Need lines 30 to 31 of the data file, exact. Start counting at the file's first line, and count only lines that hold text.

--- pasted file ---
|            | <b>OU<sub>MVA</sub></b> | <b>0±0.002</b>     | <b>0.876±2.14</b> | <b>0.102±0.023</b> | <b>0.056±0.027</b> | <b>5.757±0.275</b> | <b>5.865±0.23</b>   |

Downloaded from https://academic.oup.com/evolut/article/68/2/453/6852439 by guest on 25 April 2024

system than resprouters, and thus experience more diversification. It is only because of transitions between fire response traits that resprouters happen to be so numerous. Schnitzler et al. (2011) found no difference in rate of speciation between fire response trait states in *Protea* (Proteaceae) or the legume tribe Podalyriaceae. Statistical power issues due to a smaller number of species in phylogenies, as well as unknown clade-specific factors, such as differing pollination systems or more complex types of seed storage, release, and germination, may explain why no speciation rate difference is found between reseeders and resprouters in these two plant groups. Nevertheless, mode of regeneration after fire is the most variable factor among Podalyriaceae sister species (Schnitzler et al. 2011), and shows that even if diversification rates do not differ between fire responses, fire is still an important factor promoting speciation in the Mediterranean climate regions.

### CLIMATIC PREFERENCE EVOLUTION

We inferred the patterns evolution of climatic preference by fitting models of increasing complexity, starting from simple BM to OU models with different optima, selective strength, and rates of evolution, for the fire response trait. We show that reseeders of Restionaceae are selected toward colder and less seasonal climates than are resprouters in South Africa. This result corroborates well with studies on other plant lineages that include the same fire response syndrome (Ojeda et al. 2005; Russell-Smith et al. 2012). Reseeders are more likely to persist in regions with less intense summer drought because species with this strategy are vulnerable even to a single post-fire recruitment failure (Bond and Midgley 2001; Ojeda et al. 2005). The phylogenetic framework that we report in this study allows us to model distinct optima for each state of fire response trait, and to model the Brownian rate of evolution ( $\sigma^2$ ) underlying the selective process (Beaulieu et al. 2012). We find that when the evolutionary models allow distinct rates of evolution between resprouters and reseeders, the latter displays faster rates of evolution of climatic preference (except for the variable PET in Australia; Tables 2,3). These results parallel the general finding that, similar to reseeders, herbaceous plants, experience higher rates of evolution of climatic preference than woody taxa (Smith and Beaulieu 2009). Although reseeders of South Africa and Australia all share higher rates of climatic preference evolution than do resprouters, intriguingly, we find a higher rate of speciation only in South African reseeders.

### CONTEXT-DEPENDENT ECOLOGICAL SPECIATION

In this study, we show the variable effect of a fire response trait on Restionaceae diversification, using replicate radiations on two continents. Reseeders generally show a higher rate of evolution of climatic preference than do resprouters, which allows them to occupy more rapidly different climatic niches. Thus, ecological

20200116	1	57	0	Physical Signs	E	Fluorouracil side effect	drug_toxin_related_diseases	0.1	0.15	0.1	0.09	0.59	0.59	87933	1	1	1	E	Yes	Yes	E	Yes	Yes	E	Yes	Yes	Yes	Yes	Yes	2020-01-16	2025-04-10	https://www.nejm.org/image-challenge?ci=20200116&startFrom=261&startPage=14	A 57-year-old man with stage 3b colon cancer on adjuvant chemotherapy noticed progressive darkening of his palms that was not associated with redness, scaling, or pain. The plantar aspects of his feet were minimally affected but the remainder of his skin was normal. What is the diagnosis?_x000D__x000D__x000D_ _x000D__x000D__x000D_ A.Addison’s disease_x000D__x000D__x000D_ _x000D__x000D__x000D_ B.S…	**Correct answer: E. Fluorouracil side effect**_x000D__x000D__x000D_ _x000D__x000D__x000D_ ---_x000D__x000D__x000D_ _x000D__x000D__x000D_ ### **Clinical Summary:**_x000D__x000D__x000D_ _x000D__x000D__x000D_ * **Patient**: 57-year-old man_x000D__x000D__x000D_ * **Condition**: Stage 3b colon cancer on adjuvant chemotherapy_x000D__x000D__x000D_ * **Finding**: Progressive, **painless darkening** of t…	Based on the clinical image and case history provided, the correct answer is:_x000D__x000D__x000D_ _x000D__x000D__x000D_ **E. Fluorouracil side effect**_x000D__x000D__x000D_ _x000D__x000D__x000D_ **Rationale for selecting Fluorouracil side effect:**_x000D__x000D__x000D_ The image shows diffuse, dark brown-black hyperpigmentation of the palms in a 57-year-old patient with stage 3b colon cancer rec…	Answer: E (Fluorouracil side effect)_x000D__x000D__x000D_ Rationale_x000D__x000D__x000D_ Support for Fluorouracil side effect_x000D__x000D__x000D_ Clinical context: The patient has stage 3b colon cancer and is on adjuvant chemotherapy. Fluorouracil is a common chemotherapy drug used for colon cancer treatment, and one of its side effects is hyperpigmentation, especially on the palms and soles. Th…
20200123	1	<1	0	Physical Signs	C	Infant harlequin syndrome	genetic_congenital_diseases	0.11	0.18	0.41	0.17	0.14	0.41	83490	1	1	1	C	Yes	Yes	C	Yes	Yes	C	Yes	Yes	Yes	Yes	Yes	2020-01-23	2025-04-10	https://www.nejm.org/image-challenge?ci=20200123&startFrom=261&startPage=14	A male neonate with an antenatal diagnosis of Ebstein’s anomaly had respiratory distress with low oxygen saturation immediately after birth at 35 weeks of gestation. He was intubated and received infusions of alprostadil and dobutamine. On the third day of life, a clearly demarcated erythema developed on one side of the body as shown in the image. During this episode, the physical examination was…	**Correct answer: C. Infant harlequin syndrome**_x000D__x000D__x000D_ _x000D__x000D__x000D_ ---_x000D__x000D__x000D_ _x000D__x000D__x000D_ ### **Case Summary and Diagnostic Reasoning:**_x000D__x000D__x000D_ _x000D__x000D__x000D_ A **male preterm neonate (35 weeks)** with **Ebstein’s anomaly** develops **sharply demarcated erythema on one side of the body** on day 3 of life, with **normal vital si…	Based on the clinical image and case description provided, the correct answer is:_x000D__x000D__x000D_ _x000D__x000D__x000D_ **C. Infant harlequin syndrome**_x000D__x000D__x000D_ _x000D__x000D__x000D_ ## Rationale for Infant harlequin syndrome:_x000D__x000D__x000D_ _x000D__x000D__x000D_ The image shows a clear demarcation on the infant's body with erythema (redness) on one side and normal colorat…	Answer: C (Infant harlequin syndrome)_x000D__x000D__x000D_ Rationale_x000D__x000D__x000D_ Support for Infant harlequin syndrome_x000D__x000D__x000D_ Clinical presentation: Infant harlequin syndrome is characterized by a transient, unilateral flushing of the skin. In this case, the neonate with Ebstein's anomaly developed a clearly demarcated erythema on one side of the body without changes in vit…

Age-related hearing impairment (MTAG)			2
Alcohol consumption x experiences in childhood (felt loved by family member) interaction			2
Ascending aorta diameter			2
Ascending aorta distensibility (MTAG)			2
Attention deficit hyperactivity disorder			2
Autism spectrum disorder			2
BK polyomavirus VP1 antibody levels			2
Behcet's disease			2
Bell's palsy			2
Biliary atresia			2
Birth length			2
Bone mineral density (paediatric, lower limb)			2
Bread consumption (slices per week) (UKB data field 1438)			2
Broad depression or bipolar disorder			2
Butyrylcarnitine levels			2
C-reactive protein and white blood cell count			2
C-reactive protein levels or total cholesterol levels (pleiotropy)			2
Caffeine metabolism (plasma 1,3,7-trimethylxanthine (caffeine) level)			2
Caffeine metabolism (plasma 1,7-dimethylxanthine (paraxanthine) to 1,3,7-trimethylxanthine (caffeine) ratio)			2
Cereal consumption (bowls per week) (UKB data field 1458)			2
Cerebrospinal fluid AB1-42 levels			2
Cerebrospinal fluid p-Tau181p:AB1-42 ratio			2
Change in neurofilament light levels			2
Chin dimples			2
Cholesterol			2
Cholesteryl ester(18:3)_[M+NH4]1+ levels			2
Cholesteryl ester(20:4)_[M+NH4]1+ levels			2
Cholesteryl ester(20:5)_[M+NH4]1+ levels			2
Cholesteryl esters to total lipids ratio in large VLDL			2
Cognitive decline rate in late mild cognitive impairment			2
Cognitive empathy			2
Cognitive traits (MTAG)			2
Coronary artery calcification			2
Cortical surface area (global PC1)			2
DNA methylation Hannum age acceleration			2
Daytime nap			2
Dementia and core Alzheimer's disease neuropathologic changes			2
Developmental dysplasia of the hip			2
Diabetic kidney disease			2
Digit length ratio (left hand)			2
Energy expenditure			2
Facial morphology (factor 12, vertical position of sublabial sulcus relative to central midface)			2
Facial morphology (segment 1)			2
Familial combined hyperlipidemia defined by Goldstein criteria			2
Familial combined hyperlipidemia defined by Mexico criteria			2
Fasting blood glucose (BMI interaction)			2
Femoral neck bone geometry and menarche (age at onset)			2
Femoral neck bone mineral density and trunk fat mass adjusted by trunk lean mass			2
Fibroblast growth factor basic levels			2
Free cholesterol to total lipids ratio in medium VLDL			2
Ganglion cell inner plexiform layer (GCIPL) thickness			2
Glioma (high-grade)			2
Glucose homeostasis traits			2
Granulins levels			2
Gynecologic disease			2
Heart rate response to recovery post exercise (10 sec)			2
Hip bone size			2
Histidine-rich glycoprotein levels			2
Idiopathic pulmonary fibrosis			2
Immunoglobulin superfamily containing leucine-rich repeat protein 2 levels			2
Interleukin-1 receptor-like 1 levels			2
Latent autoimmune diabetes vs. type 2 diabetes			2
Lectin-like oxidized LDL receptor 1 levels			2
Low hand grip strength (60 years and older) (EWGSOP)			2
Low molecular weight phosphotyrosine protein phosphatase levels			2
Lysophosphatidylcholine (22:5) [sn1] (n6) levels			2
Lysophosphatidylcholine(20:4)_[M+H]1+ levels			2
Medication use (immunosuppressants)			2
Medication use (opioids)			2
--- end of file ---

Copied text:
Cerebrospinal fluid AB1-42 levels			2
Cerebrospinal fluid p-Tau181p:AB1-42 ratio			2